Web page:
Call him many things, except the R-word
The R-word, standing for retarded, has recently joined campaigns to end other incorrect uses of words demeaning to certain groups. In the same vain as using “gay” to describe something unfair, “retarded” has gone through a desensitizing process in 21st century culture (did we all forget about “suck?”).
Kristy Kennedy of the Chicago Daily Herald profiled one autistic senior determined to bring us back to the days of “sucks” and “stinks.” Jordan Schubert, who will be graduating from Neuqua Valley High School soon, points his breakthrough moment to 6th grade, when he and his sixth-grade basketball won a Special Olympics gold medal. Schubert’s public speaking skills, not a common trait among autistic people, grant him speaking opportunities with groups as part of the Special Olympics campaign to end the “R-word.” For good measure, Schubert and his Special Olympics co-host from a youth summit last summer created a soccer league that teams up disabled and non-disabled students.
Schubert himself isn’t surprised the word “retarded” is in contemporary vocabulary; his peers in middle school used the word to describe anyone or anything stupid. So he decided to speak to younger kids before they start using “retarded.” Schubert’s also changing perceptions of the autism spectrum with his on-camera poise; he produces stand up reports for the high school sports program and submits stories for the Neuqua Valley’s weekly news program. Fluent in Spanish and college-bound, his dream is becoming a foreign language teacher for students with special needs.
Quite a track record for a sports enthusiast. Schubert’s interests and ability to integrate with the mainstream may, ironically, explain why he’ll hear “retarded” being used among his peers. He’s quick to point out the negative connotation behind the word, and his campaign has won support from fellow students. The big issue with demeaning words that are incorrectly used in sentences is simply a numbers problem. Although there are no exact figures for the GLBT or disabled population, by percentage, their representation is small. With low odds of constant communication with either of these groups, using “gay” or “retarded” usually carries the same repercussion experienced when YouTube users post hateful comments on videos: little or none. Schubert’s peers understand what’s going on because they interact with him on a daily basis, likely allowing them to relate on the feelings he and other disabled people experience when the word “retarded” is uttered. Without that exposure, incentive to educate the self drops, increasing the likelihood of grammatically incorrect sentences.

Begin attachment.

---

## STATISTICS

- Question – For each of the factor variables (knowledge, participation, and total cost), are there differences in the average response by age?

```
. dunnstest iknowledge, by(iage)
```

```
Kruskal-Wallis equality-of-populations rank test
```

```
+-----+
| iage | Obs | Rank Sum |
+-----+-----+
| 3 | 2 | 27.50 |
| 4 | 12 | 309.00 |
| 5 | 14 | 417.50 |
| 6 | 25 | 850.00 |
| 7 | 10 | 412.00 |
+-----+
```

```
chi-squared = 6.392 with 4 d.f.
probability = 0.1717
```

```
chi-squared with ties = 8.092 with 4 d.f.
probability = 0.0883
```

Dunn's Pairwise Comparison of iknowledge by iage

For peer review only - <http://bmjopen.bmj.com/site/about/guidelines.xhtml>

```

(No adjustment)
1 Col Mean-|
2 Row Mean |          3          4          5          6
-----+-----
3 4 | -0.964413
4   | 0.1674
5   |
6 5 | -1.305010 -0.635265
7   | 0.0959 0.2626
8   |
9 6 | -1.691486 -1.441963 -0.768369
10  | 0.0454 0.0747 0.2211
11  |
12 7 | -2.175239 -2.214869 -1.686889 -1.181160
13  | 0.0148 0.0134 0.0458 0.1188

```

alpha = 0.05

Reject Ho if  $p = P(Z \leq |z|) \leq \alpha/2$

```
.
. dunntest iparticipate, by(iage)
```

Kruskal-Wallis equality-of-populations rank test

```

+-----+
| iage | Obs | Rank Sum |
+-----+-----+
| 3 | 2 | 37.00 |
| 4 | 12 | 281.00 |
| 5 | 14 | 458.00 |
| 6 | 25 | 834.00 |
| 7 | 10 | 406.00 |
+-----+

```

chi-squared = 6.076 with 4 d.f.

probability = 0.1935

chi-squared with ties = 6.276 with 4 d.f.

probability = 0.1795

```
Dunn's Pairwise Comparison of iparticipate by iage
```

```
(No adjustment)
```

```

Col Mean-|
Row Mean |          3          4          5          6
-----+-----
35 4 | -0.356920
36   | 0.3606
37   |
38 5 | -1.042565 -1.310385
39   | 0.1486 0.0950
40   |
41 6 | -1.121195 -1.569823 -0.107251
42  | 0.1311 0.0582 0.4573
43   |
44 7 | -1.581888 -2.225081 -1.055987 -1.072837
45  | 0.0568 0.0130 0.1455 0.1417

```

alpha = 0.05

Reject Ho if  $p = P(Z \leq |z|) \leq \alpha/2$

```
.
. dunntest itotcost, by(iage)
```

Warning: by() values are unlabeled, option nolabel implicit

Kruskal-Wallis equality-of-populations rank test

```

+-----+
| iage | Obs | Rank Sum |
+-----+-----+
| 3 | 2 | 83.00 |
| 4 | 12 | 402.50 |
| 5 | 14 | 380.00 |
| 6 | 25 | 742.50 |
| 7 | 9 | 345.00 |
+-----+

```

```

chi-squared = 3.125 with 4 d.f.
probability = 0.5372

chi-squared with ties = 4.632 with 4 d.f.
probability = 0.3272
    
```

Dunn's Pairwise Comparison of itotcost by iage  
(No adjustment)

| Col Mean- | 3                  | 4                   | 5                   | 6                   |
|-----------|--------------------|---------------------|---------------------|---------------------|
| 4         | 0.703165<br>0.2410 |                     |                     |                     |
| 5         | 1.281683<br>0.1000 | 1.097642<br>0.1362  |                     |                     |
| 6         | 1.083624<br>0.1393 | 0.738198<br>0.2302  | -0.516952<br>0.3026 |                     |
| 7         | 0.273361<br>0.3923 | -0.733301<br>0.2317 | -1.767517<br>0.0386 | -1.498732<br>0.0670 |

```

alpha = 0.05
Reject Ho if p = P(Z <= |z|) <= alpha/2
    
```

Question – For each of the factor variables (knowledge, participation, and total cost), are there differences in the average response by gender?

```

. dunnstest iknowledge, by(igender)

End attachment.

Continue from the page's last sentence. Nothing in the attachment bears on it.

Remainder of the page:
Kennedy quotes many sources to tell the story of one, a technique not often seen in profiles of autistic people (and sometimes other people), but had she not sought insight from his peers, coaches and instructors, there’s a chance she wouldn’t have learned all of Schubert’s pursuits. She seeks to balance the leadership skills Schubert beams to his equals with his personal interests to remind the audience he’s still a teen. For an added touch, Kennedy ties in Schubert’s quest with legislative action in Illinois, where the state Senate passed a bill that would replace “mental retardation” with “intellectual disability” in state statutes. Although such a story will have autism communities beaming themselves, Kennedy’s story communicates that Schubert isn’t all that different, even if he carries a more specific label.
His developmental key is also no different than most others who find professional success: they discover their passions early. Schubert’s was sports, playing baseball, basketball and football. You’ll also find him cheering on NASCAR, the Chicago Bulls and Chicago Bears. As long as there’s a supportive environment, kids will latch on and build off their interests. For parents of autistic children, their strategy should be no different.
I wouldn’t be surprised to see Schubert become a vocalist for the disabled community with the contributions he’s already provided. Journalists can take note of this story as well, as Kennedy points out autism, as with other disabilities, doesn’t necessarily define character or ability.